Monday, March 5, 2018

Confessions by Accusation OR Guilty is the Accuser

The human condition is a consistent dynamic. 
 You can try to change it, you can pervert it but it will NEVER thrive.

the Abnormals...
All those in that large basket from the left actualize their human condition when they like to deceive.  
When they distract to deceive, when they PROJECT their guilt on to you...
you have just experienced a CONFESSION by ACCUSATION

Tuesday, February 20, 2018

Broken MEN, Masculinity diminshed - now CATTY.....Back Stabbing, not withstanding.

Nature is geometric, its IS what it change it means to pervert it..

This is my story, my experience, my words.  

No research, per se, just living 67 years throughout all the turmoil of the communist left, popCULTURE revolution.

Before the human condition was redefined...I defined being "CATTY" as OK.....

A women stabbing a man in the back was sarcasm.....why you ask?

Because...MEN are stronger physically....therefore...leveling the playing field with woman...the "weaker sex"...mandated common sense to allow....women to BE catty..

Now the world is upside down....women want to be such an extreme allowing manMADEwomen...

We now have mangina "men".....

Since all of these exceptions to the rule reject their MALEness they have adopted the notion of BEING CATTY....."we're NOT men either"

It follows, then, that "men" are acting like cowards...catty, stabbing you in the back, shooting you in the back, ....

there is little HONOR when BEING (a) displaced with female "sensibilities."

Wednesday, January 31, 2018

Pareto's Principle and Marxist - Global Elitists Pareto principle The Pareto principle states that, for many events, roughly 80% of the effects come from 20% of the causes. Management consultant Joseph M. Juran suggested the principle and named it after Italian economist Vilfredo Pareto, who noted the 80/20 connection while at the University of Lausanne in 1896, as published in his first paper, "Cours d'├ęconomie politique". Essentially, Pareto showed that approximately 80% of the land in Italy was owned by 20% of the population.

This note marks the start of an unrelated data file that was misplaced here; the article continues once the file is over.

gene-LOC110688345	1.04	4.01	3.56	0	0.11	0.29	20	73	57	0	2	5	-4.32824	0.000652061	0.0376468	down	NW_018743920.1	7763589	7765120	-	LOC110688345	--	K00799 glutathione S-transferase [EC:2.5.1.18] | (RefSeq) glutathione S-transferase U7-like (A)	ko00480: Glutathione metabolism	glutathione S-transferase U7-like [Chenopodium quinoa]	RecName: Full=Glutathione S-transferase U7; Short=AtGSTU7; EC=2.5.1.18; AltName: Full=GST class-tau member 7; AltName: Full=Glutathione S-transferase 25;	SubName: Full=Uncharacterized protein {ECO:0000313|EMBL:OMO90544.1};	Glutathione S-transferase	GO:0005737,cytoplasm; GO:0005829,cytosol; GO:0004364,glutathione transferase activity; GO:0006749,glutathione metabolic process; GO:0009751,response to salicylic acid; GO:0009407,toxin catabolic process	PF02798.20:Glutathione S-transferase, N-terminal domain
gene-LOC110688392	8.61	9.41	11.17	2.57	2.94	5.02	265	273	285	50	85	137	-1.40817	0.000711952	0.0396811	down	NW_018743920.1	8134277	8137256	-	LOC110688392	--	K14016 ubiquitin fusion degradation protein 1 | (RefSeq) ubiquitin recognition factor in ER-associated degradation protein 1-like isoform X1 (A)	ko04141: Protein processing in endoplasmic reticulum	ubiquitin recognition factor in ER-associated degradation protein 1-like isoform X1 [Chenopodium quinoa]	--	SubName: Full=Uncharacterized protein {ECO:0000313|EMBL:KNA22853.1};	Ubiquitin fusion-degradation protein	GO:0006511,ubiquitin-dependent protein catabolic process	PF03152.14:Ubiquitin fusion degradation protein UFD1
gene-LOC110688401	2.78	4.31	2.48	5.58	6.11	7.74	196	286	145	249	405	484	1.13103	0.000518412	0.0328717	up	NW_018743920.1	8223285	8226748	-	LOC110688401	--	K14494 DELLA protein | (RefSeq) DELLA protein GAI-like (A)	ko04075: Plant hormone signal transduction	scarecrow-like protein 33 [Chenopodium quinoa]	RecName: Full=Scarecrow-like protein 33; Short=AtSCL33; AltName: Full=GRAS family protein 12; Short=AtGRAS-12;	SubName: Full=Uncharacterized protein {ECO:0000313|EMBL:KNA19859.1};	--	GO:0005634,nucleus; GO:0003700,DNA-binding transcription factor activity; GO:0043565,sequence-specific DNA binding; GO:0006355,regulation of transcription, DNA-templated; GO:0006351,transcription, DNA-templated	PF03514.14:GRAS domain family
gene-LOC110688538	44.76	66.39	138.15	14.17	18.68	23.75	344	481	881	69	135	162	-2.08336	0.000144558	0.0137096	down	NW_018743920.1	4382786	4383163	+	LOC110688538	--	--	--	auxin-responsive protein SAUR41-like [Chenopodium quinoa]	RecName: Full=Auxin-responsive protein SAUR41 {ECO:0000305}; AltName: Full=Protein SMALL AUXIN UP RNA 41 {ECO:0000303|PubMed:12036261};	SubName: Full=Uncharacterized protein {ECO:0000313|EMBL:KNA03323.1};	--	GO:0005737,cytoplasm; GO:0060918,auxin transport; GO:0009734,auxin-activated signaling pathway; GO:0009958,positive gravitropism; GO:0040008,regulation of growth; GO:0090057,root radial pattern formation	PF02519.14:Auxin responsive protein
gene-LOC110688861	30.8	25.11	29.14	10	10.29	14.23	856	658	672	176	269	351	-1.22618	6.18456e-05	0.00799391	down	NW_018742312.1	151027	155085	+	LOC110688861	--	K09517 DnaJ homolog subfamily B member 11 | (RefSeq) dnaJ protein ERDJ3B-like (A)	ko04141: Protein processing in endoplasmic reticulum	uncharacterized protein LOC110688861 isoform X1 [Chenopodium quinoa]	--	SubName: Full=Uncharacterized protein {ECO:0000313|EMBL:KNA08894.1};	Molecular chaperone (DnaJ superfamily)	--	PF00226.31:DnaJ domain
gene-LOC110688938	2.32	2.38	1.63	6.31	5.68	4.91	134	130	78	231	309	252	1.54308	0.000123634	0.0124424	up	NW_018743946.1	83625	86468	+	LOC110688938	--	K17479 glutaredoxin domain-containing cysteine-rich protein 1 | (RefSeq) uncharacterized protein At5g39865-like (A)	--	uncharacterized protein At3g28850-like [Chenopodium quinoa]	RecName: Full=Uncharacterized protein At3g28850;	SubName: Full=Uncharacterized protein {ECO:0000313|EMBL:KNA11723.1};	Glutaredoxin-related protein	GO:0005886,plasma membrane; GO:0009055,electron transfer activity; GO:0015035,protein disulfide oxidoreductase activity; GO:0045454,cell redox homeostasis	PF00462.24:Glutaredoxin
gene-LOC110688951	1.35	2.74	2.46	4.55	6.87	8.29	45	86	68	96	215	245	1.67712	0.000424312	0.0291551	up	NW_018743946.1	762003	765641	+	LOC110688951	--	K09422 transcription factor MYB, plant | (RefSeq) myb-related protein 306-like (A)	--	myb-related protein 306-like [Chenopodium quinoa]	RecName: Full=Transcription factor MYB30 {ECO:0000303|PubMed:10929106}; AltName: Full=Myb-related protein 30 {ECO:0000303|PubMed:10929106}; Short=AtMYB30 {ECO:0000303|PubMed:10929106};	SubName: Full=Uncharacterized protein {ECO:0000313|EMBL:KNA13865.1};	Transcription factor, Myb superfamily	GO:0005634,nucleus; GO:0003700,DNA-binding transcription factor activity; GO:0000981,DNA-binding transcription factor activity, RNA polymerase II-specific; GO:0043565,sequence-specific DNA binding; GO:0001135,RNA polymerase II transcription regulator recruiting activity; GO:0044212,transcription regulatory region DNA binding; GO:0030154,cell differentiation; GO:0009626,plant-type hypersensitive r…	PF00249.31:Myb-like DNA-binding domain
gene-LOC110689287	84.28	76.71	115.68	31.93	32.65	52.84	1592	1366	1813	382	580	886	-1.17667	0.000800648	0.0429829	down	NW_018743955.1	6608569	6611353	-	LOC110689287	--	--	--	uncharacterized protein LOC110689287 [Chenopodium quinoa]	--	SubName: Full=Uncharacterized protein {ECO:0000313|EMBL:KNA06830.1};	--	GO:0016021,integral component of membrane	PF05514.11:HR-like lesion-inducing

The Pareto principle states that, for many events, roughly 80% of the effects come from 20% of the causes.
 Management consultant Joseph M. Juran suggested the principle and named it after Italian economist Vilfredo Pareto, who noted the 80/20 connection while at the University of Lausanne in 1896, as published in his first paper, "Cours d'├ęconomie politique". Essentially, Pareto showed that approximately 80% of the land in Italy was owned by 20% of the population.

Globalists knowing that no more than 20% of total population will be THE uber successful, 
they understand  by marketing evil they can take advantage of the over whelming number of malcontents....
that natural laws dictate.

A. low class...welfare and lacking rational behavior
B,  working class...factory workers, fast food, affordable college
C. Middle class....two families..probably have community college and a new chevy
D. upper middle class....
E. Upper class, Ivy league schools
Understanding Pareto's Principle
In 1906, Italian economist Vilfredo Pareto created a mathematical formula to describe the unequal distribution of wealth in his country. Pareto observed that twenty percent of the people owned eighty percent of the wealth. In the late 1940s, quality guru, Dr. Joseph M. Juran, attributed the 80/20 Rule to Pareto, calling it Pareto's Principle. Pareto's Principle or Pareto's Law is a useful tool to help you prioritize and manage the work in your life.

Monday, January 8, 2018

Oprah for President OR the coming of President Trump's FIELD day!

Oprah's Presidential run...entitled..."How's that going to Play?"

President Trump....will SHAME the hell out of OPRAH who has little to NO shame...will BE shamed....

How many "controversial" leftists has this media HOE....HOEd up to?

Something tells me...this will PREVENT anyone with skeletons in their closet to cringe...

Oprah and's that going to play?
Oprah and's that going to play?